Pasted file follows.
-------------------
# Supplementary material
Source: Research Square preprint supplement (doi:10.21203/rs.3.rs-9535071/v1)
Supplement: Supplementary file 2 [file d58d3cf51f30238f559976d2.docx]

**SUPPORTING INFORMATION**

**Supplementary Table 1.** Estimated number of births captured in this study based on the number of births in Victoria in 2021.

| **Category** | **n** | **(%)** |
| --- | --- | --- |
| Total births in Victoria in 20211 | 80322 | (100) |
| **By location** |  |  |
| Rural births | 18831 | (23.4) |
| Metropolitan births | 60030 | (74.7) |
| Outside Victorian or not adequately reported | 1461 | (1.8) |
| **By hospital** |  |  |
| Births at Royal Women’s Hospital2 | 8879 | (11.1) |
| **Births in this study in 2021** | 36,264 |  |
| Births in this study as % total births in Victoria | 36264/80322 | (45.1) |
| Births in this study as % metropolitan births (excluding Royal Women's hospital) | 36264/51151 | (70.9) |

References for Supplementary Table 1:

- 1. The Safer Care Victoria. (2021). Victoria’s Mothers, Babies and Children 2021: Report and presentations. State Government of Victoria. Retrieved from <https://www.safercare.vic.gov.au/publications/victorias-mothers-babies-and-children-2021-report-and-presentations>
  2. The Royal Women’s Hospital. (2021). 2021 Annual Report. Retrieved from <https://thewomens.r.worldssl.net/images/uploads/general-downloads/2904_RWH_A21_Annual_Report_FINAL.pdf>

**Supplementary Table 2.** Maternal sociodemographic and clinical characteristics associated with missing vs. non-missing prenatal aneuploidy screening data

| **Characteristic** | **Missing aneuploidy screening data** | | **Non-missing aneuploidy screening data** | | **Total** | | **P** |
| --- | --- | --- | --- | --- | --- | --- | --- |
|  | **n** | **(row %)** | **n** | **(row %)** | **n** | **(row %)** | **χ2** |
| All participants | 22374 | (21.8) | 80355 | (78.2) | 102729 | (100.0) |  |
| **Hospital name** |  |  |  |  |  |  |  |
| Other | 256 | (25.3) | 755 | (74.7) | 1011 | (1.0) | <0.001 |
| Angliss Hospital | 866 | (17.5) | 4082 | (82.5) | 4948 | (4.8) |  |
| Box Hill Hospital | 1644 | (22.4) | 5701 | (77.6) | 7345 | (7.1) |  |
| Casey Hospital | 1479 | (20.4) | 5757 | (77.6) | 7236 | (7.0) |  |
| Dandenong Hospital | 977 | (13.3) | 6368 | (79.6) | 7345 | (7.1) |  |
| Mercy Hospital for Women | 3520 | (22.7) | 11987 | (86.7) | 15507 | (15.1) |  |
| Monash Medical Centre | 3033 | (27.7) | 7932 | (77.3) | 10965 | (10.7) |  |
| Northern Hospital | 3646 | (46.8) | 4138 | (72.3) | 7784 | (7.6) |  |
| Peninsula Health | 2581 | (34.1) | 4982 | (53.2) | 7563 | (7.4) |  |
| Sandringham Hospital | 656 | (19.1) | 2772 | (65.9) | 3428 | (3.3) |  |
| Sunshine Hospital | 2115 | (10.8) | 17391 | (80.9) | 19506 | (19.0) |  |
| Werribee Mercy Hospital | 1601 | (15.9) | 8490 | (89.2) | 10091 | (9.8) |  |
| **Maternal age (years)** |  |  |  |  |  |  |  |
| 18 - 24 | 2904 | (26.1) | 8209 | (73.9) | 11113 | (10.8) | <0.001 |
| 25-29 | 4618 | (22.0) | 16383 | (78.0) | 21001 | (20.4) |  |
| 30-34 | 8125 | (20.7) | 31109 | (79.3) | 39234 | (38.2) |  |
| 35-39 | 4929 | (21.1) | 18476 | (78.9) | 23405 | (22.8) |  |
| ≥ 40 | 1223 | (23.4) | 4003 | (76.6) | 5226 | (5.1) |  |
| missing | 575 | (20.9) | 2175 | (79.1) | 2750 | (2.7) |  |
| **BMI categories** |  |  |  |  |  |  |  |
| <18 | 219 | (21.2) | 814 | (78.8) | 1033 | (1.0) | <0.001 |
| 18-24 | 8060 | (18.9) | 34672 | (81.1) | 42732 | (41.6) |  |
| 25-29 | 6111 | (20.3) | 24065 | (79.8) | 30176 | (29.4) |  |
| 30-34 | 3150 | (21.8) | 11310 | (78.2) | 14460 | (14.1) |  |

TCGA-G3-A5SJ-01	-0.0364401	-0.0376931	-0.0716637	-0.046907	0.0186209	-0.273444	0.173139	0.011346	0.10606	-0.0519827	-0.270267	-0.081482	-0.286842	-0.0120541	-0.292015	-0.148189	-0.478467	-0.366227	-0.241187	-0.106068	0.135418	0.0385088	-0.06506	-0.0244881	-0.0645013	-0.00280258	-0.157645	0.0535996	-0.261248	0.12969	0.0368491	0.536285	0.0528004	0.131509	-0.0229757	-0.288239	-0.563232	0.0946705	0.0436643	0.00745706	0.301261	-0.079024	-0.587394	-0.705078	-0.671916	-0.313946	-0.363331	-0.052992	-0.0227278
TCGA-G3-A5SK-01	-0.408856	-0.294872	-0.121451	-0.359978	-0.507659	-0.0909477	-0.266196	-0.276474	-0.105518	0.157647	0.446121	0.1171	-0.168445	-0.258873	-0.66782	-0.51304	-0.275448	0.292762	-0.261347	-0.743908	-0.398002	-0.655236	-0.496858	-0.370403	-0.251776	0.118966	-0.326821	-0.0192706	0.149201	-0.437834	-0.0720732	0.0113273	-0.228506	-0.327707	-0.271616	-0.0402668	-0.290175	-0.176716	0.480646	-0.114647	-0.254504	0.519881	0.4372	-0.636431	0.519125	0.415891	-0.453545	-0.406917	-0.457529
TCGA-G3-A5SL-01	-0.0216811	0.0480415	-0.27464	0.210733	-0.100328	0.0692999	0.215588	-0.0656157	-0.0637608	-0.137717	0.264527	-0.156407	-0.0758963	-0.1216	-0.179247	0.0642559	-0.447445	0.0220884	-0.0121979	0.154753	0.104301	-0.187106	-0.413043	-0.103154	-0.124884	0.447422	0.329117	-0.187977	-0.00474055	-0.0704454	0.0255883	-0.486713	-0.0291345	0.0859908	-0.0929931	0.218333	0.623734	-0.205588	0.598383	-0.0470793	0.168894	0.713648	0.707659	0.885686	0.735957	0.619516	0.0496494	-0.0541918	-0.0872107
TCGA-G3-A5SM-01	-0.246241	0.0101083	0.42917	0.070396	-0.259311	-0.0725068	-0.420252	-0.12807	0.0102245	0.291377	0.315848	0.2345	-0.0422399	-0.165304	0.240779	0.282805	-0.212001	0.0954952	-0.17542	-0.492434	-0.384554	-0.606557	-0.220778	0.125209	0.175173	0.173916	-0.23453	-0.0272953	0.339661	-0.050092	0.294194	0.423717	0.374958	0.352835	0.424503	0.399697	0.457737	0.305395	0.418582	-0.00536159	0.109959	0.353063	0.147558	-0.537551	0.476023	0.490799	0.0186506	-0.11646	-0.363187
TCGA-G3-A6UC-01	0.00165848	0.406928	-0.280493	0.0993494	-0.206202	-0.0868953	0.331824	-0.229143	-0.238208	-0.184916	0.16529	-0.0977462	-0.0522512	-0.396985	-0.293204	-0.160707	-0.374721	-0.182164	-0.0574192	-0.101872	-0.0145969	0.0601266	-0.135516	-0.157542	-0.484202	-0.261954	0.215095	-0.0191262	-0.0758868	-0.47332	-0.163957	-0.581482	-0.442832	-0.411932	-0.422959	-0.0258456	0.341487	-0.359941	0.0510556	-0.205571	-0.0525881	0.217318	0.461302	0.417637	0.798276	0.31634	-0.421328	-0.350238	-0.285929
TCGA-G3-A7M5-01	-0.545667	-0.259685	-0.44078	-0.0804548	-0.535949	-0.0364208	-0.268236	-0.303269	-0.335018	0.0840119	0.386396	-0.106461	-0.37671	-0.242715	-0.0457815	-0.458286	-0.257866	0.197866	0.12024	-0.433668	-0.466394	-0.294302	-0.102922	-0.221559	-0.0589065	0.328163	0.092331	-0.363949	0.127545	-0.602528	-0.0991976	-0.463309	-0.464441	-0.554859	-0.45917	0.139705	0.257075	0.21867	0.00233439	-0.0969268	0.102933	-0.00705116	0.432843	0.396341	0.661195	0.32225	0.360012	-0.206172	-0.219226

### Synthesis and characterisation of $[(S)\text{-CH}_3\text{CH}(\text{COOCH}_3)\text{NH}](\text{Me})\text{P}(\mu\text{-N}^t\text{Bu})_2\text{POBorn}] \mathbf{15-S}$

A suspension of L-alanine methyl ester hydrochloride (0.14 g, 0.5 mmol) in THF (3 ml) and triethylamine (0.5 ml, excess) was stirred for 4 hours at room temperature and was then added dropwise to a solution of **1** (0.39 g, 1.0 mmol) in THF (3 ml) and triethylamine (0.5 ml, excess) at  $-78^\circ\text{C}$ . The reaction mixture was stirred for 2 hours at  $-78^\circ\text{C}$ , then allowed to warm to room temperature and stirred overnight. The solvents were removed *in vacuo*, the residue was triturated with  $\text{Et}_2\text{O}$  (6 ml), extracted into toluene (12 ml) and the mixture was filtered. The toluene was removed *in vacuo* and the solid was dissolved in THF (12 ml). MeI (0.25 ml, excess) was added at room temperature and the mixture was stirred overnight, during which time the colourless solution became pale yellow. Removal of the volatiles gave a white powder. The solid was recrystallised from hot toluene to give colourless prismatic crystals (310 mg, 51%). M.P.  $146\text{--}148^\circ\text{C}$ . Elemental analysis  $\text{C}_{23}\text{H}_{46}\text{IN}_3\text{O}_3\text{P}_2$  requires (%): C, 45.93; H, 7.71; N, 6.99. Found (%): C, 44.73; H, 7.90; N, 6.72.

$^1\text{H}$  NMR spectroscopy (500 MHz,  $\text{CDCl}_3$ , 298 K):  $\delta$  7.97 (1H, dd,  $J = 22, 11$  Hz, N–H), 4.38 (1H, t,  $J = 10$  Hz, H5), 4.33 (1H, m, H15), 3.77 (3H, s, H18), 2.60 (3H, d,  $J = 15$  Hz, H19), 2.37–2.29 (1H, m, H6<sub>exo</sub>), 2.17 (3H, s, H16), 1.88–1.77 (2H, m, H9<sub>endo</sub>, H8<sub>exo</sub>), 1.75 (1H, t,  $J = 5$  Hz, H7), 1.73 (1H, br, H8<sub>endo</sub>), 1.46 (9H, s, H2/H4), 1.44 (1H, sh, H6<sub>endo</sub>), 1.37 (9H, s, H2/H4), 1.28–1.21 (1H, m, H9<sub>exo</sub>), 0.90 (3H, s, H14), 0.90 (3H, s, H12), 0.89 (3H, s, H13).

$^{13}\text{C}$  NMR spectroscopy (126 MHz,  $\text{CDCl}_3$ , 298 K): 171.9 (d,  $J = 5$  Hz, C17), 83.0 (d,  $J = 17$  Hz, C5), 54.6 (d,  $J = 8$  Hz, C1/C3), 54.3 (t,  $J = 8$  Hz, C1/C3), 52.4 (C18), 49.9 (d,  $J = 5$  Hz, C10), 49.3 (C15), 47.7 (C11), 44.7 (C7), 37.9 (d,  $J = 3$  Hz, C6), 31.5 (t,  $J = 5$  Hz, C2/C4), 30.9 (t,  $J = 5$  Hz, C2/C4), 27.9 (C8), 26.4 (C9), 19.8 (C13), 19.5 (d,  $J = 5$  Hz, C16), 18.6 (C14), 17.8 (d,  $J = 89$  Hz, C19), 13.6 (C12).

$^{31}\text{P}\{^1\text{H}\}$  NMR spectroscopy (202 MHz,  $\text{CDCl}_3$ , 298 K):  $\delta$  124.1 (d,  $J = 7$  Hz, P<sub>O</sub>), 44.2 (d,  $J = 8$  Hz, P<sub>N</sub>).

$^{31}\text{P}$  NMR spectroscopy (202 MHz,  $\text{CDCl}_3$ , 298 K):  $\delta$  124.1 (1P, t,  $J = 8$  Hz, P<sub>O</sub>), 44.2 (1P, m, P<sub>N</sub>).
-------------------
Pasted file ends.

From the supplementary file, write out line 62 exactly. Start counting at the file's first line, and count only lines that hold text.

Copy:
$^{31}\text{P}$  NMR spectroscopy (202 MHz,  $\text{CDCl}_3$ , 298 K):  $\delta$  124.1 (1P, t,  $J = 8$  Hz, P<sub>O</sub>), 44.2 (1P, m, P<sub>N</sub>).